Monday, September 19, 2022

What is a country? Part II: Fighting the Gish Gallop


A tour group from China snaps pictures of Liberty Leading the People

In my last post on this topic, I chose to combat disinformation that Taiwan is not a country by clarifying all the ways that it is. Not just because we want it to be so, but because international conventions do, in fact, light a pathway toward recognized Taiwan statehood. 

Since the last post was about all the arguments for Taiwan as a nation, in this post I want to address all the (very poor) arguments against it, which so often get flung at Taiwan advocates like a hail of bonobo feces, for daring to take principled stances supporting the nation's essential nation-ness.

If you ignore it, you risk all that disinformation influencing reasonable onlookers who mistake quantity for quality ("well all these Chinese people say Taiwan is Chinese, so there's probably something to that!")

But if you do fight back, it really is like trying to swim in the feces tsunami. Or fight a thousand-headed hydra bursting from Twitter's wine-dark sea. Except the hydra is made of bonobo feces. Please just let me have this metaphor.

This is intentional: it's called gish galloping. The unending pummeling of poorly-considered arguments that are easily refuted, but there are so many flying around that you can't ever get to the end of it all. It tires you out and makes no visible impact.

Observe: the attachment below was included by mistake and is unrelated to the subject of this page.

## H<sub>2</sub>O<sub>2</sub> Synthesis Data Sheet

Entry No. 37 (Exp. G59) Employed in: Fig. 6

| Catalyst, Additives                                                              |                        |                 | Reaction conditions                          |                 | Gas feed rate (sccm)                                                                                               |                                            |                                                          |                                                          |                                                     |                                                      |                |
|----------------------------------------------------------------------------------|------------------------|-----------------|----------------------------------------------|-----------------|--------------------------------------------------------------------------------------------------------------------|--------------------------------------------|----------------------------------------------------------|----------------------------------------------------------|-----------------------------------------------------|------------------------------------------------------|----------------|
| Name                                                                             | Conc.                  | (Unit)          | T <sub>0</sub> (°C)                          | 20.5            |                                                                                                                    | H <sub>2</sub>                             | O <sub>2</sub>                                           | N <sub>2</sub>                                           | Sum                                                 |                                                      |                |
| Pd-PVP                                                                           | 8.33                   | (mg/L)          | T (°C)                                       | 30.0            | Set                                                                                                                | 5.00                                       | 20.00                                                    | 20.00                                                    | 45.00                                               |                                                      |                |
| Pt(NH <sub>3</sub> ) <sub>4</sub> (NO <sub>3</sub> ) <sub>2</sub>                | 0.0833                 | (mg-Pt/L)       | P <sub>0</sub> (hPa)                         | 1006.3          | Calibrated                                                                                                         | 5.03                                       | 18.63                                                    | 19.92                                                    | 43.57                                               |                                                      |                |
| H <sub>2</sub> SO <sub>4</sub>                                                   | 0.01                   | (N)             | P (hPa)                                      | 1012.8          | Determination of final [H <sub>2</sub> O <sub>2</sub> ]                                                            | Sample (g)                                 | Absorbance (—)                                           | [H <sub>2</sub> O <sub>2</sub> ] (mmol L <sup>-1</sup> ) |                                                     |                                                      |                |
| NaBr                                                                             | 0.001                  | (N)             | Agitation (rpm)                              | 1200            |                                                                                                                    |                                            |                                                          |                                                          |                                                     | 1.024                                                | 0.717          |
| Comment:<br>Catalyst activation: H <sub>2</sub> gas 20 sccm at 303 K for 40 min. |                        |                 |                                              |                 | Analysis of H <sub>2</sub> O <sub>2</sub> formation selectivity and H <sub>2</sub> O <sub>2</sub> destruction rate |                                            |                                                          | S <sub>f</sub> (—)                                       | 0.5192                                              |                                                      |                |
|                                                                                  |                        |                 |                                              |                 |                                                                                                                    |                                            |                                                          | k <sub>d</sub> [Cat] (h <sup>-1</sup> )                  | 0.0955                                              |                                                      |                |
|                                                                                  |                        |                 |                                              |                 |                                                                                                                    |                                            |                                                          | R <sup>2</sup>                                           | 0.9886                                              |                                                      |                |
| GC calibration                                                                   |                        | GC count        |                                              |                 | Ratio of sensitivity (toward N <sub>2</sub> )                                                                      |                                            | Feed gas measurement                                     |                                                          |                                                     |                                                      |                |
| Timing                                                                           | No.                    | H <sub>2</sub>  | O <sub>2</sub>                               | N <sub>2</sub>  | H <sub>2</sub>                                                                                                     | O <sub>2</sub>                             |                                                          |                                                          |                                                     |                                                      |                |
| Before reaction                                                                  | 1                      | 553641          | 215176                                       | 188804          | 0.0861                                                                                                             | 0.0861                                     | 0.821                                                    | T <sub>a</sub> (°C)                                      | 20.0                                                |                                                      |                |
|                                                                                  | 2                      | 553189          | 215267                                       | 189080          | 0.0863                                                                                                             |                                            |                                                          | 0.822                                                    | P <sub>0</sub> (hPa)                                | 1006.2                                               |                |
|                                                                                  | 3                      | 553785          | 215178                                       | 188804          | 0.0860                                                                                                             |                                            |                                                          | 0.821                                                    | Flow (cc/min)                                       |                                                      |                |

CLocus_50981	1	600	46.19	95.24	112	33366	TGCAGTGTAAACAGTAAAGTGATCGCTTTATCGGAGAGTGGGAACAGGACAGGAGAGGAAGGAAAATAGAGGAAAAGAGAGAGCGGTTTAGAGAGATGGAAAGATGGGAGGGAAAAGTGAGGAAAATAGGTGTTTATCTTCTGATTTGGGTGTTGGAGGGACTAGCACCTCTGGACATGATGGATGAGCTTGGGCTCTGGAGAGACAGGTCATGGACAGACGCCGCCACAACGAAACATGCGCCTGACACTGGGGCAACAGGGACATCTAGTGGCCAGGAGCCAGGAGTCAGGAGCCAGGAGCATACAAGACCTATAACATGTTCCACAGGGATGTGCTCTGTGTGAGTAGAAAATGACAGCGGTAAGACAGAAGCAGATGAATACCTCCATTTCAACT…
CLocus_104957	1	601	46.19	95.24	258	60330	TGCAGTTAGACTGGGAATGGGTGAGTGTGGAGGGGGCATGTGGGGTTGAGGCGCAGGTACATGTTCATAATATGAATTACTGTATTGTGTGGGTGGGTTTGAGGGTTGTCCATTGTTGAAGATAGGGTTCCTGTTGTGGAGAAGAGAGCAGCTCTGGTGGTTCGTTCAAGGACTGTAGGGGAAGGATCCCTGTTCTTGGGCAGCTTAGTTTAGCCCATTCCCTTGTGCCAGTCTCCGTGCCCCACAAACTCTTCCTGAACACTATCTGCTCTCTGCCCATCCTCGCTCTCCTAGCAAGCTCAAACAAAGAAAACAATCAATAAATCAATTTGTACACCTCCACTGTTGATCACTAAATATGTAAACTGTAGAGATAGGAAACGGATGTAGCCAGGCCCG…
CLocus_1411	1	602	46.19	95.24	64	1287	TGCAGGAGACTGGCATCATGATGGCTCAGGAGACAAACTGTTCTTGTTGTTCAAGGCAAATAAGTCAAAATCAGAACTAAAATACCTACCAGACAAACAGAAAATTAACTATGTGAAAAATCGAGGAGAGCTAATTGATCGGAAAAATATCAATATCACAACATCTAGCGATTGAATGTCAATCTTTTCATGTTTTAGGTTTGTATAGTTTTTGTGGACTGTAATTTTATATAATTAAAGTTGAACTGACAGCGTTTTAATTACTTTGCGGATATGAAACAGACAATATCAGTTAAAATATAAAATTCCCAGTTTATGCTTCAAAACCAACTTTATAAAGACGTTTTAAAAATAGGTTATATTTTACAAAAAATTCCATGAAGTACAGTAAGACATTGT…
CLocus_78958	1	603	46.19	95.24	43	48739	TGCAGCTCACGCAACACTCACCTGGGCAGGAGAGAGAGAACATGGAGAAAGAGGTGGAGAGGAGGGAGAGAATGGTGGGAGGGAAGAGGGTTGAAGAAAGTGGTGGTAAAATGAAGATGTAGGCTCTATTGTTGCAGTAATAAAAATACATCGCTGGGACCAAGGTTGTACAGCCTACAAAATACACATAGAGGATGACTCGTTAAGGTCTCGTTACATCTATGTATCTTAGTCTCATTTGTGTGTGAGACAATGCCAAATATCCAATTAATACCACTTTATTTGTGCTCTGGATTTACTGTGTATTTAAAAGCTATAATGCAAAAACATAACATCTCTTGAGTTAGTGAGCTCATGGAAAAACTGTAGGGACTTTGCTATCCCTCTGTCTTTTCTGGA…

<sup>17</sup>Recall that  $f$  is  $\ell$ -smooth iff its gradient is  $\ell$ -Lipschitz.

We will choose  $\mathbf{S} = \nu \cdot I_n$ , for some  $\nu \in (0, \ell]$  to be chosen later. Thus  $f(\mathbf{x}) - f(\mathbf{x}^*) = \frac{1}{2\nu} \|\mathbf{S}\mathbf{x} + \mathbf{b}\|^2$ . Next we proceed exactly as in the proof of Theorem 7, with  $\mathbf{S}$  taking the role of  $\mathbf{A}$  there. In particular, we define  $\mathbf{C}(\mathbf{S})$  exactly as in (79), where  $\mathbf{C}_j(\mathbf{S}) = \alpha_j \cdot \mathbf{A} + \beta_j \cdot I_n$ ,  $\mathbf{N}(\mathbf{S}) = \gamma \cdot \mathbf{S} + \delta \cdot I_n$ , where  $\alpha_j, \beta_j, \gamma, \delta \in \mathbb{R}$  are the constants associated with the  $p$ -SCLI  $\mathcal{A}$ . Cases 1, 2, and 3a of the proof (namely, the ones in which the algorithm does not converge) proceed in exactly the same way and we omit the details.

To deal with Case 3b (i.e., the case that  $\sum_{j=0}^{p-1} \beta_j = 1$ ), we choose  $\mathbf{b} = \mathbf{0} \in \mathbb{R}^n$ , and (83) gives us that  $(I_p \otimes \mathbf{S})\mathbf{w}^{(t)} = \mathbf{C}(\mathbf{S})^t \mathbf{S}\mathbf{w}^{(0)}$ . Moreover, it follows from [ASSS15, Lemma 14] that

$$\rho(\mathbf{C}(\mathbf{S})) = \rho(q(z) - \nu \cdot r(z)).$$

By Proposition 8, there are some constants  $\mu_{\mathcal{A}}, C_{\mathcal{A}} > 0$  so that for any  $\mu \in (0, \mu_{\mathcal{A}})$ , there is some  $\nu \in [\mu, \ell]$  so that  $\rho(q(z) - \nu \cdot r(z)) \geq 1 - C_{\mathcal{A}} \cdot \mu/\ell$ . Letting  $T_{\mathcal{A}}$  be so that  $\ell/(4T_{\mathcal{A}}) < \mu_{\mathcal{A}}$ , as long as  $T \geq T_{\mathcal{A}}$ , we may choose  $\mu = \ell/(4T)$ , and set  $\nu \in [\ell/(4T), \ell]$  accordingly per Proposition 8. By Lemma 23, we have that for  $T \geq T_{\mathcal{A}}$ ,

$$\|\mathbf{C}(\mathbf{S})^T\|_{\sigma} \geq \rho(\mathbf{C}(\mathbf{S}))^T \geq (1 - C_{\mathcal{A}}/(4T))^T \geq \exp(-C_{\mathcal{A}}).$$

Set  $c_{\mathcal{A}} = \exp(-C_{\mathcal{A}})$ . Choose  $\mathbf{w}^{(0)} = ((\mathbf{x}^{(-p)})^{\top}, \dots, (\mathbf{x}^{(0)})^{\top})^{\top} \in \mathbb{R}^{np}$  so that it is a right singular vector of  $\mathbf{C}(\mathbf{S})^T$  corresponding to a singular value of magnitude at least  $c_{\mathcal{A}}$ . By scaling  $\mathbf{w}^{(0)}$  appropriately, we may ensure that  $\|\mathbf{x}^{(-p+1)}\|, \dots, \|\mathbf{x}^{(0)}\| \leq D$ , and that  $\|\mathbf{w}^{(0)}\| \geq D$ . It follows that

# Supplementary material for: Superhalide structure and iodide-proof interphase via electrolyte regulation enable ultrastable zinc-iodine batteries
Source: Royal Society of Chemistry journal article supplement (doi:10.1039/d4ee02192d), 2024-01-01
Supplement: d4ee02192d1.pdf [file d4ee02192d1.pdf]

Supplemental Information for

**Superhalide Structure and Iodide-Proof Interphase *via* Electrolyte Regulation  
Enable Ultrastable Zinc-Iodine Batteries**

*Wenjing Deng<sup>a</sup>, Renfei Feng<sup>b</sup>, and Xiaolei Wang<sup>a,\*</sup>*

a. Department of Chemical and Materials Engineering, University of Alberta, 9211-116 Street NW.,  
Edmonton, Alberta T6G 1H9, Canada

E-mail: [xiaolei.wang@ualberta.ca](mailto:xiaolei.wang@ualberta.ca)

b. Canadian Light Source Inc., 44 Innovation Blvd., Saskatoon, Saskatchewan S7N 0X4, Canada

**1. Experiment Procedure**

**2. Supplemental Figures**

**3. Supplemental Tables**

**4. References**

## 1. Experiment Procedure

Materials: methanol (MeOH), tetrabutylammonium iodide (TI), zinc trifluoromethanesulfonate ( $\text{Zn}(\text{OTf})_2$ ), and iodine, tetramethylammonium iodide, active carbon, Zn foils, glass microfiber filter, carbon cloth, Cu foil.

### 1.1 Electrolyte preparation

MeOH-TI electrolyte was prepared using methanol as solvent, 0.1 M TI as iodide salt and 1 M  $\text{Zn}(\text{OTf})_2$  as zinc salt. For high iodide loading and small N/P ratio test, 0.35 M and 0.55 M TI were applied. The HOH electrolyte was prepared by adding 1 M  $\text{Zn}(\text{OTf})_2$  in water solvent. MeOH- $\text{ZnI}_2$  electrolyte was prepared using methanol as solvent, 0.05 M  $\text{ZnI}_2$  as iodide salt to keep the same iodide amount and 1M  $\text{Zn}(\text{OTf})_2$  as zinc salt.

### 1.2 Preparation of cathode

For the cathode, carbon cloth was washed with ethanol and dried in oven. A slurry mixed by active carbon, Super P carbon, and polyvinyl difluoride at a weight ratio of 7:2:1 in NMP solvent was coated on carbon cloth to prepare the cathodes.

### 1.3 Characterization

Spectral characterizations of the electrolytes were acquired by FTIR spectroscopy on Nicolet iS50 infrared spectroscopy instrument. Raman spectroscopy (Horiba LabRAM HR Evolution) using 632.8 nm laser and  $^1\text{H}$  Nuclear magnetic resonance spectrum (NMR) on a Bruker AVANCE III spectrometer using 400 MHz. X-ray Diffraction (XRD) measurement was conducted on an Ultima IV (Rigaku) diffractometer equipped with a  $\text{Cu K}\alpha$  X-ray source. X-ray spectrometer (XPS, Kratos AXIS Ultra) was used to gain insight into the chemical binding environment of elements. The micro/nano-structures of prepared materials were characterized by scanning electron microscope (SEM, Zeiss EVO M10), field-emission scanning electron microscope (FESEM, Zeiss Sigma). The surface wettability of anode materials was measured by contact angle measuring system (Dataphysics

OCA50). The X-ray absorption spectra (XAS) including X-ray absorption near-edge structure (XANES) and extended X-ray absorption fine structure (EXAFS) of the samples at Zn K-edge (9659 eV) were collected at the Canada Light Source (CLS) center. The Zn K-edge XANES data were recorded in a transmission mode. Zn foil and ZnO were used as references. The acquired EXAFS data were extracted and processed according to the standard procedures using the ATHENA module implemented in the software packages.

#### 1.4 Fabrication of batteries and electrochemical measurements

Because it's difficult to know what to do about this, I put together a list of the most common monkeyturds that get flung around in this kind of gish galloping. That is, all the bad arguments against Taiwan statehood that we hear again and again, changing with the seasons or the news cycle and sometimes resurfacing, all because someone in a United Front Work Department office made a decision about what their botmasters and gormless trolls are going to argue about for awhile, until the Western tankies pick it up while checking Twitter while drinking $8 pourovers and pass it on.

So let's hop on the bonobo feces train! 

"International law" says Taiwan is a part of China.

Of course, there is no such law. There is not a single binding international treaty that gives Taiwan to the People's Republic of China, but there are theories based on treaties or conventions that provide some guidance. You can read about those in my previous post on the topic. But "international law says Taiwan is Chinese" is simply not true.